“For Trump, Pence was there to be a loyal servant, as was everyone else,” Belt said.
‘Courage,’ his daughter tweeted
When rioters broke through the perimeter and rampaged the building, Pence, his wife and older daughter were whisked away to a secure location by the Secret Service.
Pence’s daughter later issued what could be read as a rebuke of Trump.
“Courage,” Charlotte Pence Bond tweeted as she recirculated the end of her father’s letter of explanation, which concluded: “So Help Me God.”
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After the Capitol was secured and lawmakers finished counting the votes, a stoic Pence announced his and Trump’s election defeat at 3:41 a.m.
Pence bowed his head and closed his eyes as the Senate chaplain, in a closing prayer, said the “quagmire of dysfunction that threatened our democracy” and led to a loss of lives and desecration of the Capitol has “reminded us that words matter.”
The C-SPAN camera recording the moment for history turned toward Pence, capturing a slight nod of his head, when the chaplain said God has “strengthened our resolve to protect and defend the Constitution.”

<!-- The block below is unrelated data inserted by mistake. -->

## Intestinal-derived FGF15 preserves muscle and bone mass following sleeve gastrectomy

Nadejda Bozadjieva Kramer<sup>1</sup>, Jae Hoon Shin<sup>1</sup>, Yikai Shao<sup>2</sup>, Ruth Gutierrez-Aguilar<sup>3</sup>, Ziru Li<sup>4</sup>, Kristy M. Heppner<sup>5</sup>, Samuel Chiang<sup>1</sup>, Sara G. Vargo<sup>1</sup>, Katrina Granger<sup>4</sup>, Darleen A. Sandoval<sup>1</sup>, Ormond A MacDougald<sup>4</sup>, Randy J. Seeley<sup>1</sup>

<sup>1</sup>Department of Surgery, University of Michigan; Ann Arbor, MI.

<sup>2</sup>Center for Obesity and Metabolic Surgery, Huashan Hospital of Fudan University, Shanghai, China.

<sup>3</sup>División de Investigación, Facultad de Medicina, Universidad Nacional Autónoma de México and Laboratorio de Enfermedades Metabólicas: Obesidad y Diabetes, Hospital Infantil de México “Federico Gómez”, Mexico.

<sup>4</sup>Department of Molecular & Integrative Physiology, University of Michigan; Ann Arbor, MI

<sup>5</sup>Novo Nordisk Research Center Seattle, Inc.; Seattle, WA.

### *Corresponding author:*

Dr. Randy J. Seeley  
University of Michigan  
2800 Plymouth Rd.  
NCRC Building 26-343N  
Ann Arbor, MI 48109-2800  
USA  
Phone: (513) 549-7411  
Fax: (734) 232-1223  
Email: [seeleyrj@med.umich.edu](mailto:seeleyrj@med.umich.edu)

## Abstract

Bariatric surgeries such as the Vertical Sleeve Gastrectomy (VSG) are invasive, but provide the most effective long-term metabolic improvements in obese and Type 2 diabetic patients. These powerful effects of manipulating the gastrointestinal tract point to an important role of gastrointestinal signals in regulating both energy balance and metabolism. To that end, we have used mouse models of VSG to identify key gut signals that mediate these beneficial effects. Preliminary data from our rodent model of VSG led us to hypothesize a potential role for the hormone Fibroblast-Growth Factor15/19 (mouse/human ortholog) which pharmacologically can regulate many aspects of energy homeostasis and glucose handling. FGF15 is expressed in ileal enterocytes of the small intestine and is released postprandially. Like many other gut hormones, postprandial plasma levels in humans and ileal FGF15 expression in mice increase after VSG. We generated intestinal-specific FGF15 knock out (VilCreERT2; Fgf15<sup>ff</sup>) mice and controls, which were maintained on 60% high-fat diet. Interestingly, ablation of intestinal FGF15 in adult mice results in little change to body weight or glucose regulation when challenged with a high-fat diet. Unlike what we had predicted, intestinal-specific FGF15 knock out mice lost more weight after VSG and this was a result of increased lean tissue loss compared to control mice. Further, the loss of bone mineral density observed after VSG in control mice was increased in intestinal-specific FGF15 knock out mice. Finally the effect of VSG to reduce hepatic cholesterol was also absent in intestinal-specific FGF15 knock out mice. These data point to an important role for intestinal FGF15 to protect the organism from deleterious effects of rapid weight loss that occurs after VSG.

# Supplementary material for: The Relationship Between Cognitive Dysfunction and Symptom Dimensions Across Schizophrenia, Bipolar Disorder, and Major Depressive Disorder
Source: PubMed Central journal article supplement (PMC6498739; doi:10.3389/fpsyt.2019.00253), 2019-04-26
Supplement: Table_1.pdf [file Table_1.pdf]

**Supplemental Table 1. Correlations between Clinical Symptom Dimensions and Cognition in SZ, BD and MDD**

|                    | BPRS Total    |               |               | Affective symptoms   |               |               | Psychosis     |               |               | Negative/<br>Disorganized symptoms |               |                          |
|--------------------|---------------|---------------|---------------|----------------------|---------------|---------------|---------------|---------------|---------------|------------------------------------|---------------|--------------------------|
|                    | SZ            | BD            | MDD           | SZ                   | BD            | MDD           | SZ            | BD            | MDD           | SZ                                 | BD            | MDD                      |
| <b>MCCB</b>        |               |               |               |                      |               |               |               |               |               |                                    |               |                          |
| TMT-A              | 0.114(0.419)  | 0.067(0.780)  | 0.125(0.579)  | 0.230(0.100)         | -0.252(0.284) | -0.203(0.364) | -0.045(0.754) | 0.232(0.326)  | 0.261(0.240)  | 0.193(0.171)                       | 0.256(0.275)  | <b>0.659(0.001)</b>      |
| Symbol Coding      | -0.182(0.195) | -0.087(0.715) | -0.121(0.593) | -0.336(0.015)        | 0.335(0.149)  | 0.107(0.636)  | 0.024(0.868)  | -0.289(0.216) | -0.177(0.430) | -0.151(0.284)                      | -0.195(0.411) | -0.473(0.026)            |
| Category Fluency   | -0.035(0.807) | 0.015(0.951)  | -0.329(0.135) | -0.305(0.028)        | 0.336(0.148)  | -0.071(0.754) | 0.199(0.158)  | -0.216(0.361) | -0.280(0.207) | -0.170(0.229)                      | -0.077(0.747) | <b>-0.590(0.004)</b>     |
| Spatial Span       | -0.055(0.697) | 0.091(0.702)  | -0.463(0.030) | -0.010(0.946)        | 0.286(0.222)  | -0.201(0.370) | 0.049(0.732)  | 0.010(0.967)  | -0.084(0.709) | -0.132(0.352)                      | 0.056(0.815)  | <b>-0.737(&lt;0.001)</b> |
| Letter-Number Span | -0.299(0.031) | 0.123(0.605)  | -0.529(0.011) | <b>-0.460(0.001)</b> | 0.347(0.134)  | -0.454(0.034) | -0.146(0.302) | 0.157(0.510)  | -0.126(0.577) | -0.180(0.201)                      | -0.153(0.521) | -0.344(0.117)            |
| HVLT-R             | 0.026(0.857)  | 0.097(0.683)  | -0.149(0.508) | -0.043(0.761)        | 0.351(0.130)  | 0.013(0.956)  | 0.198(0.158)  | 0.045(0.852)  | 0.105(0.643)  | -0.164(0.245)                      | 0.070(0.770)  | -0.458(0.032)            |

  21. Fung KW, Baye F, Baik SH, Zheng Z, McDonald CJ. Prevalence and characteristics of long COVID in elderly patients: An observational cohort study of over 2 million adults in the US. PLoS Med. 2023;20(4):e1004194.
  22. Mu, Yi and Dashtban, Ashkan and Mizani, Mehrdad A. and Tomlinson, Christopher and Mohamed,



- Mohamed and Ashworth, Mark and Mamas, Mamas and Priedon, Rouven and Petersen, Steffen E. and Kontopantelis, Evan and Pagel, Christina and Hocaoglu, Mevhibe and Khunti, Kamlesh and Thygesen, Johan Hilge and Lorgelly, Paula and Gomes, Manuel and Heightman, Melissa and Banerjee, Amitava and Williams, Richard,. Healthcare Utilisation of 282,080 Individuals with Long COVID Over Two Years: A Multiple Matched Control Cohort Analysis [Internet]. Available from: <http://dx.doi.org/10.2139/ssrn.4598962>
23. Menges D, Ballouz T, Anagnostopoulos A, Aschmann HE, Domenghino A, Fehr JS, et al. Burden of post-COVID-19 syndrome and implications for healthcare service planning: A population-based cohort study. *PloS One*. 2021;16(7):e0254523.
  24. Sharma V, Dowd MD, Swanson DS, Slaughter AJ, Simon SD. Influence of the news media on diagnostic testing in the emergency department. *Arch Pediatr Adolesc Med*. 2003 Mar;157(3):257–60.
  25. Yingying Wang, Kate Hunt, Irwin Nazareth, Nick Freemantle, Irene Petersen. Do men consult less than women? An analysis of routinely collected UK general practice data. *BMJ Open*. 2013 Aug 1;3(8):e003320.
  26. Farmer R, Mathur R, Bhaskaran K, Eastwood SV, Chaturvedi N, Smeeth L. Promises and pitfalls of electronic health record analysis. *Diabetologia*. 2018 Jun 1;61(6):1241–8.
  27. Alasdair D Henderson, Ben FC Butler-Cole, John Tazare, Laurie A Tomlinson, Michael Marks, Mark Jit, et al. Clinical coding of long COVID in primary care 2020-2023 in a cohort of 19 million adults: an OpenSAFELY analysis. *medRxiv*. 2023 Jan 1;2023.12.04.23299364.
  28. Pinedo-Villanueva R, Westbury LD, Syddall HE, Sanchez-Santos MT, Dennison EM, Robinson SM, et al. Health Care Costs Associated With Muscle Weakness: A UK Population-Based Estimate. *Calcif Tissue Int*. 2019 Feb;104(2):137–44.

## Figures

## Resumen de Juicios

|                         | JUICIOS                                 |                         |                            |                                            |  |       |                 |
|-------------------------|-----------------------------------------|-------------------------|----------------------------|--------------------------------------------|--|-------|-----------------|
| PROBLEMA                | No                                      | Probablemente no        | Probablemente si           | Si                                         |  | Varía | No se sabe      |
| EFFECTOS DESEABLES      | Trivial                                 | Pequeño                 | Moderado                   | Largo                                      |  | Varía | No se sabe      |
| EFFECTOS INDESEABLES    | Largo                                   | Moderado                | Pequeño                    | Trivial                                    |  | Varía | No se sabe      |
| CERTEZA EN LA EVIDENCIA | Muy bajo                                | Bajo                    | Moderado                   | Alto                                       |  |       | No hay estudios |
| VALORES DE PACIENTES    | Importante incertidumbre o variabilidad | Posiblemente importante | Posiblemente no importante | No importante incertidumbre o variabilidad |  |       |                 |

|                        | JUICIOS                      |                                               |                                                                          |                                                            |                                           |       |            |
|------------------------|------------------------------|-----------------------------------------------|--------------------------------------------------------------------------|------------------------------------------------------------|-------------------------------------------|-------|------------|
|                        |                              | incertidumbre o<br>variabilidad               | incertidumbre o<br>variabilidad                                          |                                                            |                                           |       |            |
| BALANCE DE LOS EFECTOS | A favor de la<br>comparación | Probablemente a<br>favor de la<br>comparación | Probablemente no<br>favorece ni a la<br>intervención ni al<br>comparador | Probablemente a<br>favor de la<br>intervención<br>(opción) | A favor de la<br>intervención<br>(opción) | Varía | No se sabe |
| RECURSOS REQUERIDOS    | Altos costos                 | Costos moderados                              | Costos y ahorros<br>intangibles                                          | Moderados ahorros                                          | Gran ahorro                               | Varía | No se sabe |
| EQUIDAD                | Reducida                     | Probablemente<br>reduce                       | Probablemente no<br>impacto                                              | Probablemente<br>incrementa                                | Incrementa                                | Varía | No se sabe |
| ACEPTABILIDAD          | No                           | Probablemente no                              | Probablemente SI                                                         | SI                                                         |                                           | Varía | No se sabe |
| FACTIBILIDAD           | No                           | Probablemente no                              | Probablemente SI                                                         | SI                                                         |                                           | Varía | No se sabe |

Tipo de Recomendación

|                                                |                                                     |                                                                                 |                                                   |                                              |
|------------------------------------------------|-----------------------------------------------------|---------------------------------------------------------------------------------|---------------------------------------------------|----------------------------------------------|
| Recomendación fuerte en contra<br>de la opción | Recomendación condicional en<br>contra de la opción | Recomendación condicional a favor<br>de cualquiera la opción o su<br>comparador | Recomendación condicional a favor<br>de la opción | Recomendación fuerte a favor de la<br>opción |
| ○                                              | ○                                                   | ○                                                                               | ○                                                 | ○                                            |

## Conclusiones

“Amen,” the devoutly Christian Pence softly said at the conclusion of the prayer.
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Doing ‘his duty’
Since signing on as Trump’s running mate in 2016, Pence has tried to strike a balance between remaining loyal to Trump while not parroting his most divisive rhetoric and unfounded claims.
Pence deserves credit for standing firm this week, said public affairs professor William Inboden, who worked for President George W. Bush. But merely upholding his oath of office when he did not have the power to act otherwise “should not be mistaken as a profile in courage or principle,” he added.
Pence must continue to do his duty, amid “Trump’s madness and demagoguery,” to try to hold the executive office of the president together for the next 13 days.
“After January 20,” Inboden said, “Pence will have ample time to reflect on the loyalty he showed to Trump for four years – and what it cost.”
Contributing: Ledyard King and Christal Hayes, USA TODAY